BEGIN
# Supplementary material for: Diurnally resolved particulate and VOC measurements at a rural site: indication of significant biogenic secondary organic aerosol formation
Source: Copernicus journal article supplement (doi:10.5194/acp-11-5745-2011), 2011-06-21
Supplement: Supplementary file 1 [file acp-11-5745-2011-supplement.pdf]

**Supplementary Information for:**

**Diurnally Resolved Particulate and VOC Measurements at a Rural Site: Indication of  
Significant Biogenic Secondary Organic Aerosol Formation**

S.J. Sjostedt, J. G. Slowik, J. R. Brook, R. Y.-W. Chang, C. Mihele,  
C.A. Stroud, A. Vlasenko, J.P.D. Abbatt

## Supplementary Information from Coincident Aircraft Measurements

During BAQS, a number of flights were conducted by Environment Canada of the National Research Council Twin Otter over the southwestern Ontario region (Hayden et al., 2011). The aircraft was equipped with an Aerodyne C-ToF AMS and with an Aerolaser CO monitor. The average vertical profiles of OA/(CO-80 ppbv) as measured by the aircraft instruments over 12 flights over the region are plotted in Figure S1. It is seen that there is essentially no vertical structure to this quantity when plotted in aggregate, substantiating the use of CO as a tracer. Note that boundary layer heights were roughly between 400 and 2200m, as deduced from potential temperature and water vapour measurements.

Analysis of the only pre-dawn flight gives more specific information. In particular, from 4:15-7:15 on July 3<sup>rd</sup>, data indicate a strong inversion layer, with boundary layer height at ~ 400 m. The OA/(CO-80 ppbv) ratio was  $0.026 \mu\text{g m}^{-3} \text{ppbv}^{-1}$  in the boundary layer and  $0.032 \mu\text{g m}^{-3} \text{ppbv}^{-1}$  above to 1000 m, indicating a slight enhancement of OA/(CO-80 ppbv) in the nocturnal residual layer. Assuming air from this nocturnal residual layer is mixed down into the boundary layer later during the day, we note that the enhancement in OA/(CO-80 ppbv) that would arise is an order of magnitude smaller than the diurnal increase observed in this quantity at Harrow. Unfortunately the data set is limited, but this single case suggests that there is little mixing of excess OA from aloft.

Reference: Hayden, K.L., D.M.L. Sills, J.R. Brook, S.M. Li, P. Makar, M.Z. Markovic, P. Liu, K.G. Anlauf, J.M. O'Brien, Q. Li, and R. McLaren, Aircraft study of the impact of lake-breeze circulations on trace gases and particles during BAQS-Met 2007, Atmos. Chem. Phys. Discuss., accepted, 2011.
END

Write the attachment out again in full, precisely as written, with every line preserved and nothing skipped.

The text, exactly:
# Supplementary material for: Diurnally resolved particulate and VOC measurements at a rural site: indication of significant biogenic secondary organic aerosol formation
Source: Copernicus journal article supplement (doi:10.5194/acp-11-5745-2011), 2011-06-21
Supplement: Supplementary file 1 [file acp-11-5745-2011-supplement.pdf]

**Supplementary Information for:**

**Diurnally Resolved Particulate and VOC Measurements at a Rural Site: Indication of  
Significant Biogenic Secondary Organic Aerosol Formation**

S.J. Sjostedt, J. G. Slowik, J. R. Brook, R. Y.-W. Chang, C. Mihele,  
C.A. Stroud, A. Vlasenko, J.P.D. Abbatt

## Supplementary Information from Coincident Aircraft Measurements

During BAQS, a number of flights were conducted by Environment Canada of the National Research Council Twin Otter over the southwestern Ontario region (Hayden et al., 2011). The aircraft was equipped with an Aerodyne C-ToF AMS and with an Aerolaser CO monitor. The average vertical profiles of OA/(CO-80 ppbv) as measured by the aircraft instruments over 12 flights over the region are plotted in Figure S1. It is seen that there is essentially no vertical structure to this quantity when plotted in aggregate, substantiating the use of CO as a tracer. Note that boundary layer heights were roughly between 400 and 2200m, as deduced from potential temperature and water vapour measurements.

Analysis of the only pre-dawn flight gives more specific information. In particular, from 4:15-7:15 on July 3<sup>rd</sup>, data indicate a strong inversion layer, with boundary layer height at ~ 400 m. The OA/(CO-80 ppbv) ratio was  $0.026 \mu\text{g m}^{-3} \text{ppbv}^{-1}$  in the boundary layer and  $0.032 \mu\text{g m}^{-3} \text{ppbv}^{-1}$  above to 1000 m, indicating a slight enhancement of OA/(CO-80 ppbv) in the nocturnal residual layer. Assuming air from this nocturnal residual layer is mixed down into the boundary layer later during the day, we note that the enhancement in OA/(CO-80 ppbv) that would arise is an order of magnitude smaller than the diurnal increase observed in this quantity at Harrow. Unfortunately the data set is limited, but this single case suggests that there is little mixing of excess OA from aloft.

Reference: Hayden, K.L., D.M.L. Sills, J.R. Brook, S.M. Li, P. Makar, M.Z. Markovic, P. Liu, K.G. Anlauf, J.M. O'Brien, Q. Li, and R. McLaren, Aircraft study of the impact of lake-breeze circulations on trace gases and particles during BAQS-Met 2007, Atmos. Chem. Phys. Discuss., accepted, 2011.